06 December 2016

Bull in the China shop

Unless you still consider China to be in a state of civil war and believe the People's Republic to be an illegal regime, the least you owe it diplomatically is to refrain from claiming that the successors of Chiang Kai-shek in Taiwan are the legitimate government of the Middle Kingdom. The U.S. has not seen Taiwan that way since the 1970s, and the Taiwan government really doesn't see itself that way anymore. The "Republic of China," however, is for all intents and purposes a sovereign state, and not merely a renegade territory, as the People's Republic might claim. The Communist government might argue that recognizing Taiwan as a sovereign nation would be equivalent to extending diplomatic recognition to the Confederate States of America during the Civil War, but in China's civil war there really was no equivalent to the Confederate secessionists. One could just as well argue that Taiwan is equivalent to where Abraham Lincoln would stand if the Confederates had taken Washington D.C. and spread north and west from there while Lincoln holed up in Maine and claimed, along with any successors, to be the real government of the United States. Depending on your ideology or your notion of international relations, China's communist revolution may have no more inherent legitimacy than the creation of a secessionist confederacy in America, no matter how powerful either entity became. Pragmatically, of course, one must accept the Communist party's rule over mainland China, but it doesn't necessarily follow from that that you must accept the Communist government's claims regarding the status of Taiwan. In short, you can question whether there's any compelling reason for Donald Trump, as President-elect, to defer to the People's Republic by refusing to take a congratulatory call from the leader of Taiwan. Trump has every reason to believe he can do business with the People's Republic, to whatever extent he desires, without taking their feelings into account -- or seeking their permission, as Trump himself characterized their demand -- when he does business with Taiwan. It would be petty of the People's Republic to alter its policy toward the U.S. on the basis of a perceived insult, especially considering that, whatever its pretensions, it does not rule Taiwan. That being said, it's fair for Americans to ask how far Trump might be willing to go to assert his freedom of action regarding Taiwan. His defensiveness on the China question, combined with his recent comments on Cuba, suggest that Trump might be less a new kind of politician than an unreconstructed Cold Warrior for the 21st century, distinguishable from the rest only by his recognition that Russia is no longer a Communist state. If he's going to make an issue out of Taiwan in order to show toughness toward the People's Republic, as his tweets in response to Chinese criticism suggest, it becomes imperative for Americans to ask whether and why Trump considers Taiwan more worth risking war over than Ukraine, the Baltic states, a "free" Syria, etc. I suspect many of his supporters here don't really care any more for Taiwan than for those other places. They may enjoy seeing Trump seem to stick it to the People's Republic, in contrast to his predecessor's perceived appeasement, but if this is all trolling for its own sake with no real commitment to Taiwanese independence, it may prove more injurious to Taiwan itself in the long run than insulting to the Commies. If they don't want to risk war over Taiwan down the line, they had better make that clear to the President-elect as soon as possible.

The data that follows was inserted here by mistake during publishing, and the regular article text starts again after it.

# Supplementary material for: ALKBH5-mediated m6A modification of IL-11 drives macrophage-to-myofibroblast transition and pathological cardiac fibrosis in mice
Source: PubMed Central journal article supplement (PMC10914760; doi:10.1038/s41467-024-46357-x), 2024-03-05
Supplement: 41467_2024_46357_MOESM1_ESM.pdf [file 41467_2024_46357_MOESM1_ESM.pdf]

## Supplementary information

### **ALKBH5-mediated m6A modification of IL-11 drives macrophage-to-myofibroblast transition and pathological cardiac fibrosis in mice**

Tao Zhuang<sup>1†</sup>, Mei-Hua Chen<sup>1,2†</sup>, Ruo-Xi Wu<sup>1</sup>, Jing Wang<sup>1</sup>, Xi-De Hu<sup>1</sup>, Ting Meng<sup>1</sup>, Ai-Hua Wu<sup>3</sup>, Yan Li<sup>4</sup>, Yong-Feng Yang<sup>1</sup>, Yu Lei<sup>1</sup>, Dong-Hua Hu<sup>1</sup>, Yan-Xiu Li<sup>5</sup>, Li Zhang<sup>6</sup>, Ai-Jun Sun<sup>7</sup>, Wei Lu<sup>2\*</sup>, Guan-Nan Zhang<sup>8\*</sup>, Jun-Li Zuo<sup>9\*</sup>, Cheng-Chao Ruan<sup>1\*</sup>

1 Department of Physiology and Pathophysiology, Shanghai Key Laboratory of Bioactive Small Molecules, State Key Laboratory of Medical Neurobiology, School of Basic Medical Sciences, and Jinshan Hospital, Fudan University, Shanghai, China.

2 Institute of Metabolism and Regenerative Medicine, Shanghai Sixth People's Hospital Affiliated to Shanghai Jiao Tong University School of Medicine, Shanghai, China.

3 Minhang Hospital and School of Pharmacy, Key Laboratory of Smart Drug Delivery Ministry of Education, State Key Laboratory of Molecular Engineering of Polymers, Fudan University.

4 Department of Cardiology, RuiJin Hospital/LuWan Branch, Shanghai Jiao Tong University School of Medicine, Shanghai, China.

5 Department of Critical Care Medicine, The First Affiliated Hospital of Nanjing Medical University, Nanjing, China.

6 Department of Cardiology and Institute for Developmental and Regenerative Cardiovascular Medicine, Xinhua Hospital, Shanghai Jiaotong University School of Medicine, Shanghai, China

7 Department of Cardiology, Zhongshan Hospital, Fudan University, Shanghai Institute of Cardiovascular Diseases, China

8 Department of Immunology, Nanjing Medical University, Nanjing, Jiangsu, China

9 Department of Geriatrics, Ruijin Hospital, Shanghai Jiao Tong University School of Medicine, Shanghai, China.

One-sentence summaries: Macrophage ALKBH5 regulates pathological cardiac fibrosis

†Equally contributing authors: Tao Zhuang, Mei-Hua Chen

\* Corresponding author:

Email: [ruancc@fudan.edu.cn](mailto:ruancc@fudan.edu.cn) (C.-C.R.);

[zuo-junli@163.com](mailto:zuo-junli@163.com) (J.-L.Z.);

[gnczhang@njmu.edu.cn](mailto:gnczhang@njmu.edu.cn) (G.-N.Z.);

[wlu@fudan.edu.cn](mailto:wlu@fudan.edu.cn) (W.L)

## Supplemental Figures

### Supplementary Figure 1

Anonymous said...

China is no longer truly a communist state either (not that either Russia or China were ever truly communist to begin with.) Personally, given the stakes, I think the governments of China, Russia and the USA need to come to an agreement as to whom gets what as far as "spheres of influence", U.N. be damned. I think a united front between the US, Russia and China, regarding the middle east, would be the best option - all three of us basically telling the islamic world either extremism ends or islam ends.

Samuel Wilson said...

The big question is whether Trump will be more willing than his fellow Republicans and American diplomats in general to concede spheres of influence to any other country, since we've all been trained to think that people and nations trapped in some other power's sphere aren't truly free. The early indication from his Twitter skirmish with the Chinese is that Trump isn't ready to concede anything in the South China Sea, but time will tell what his real game is.

Anonymous said...

I didn't say they would, but rather that they should.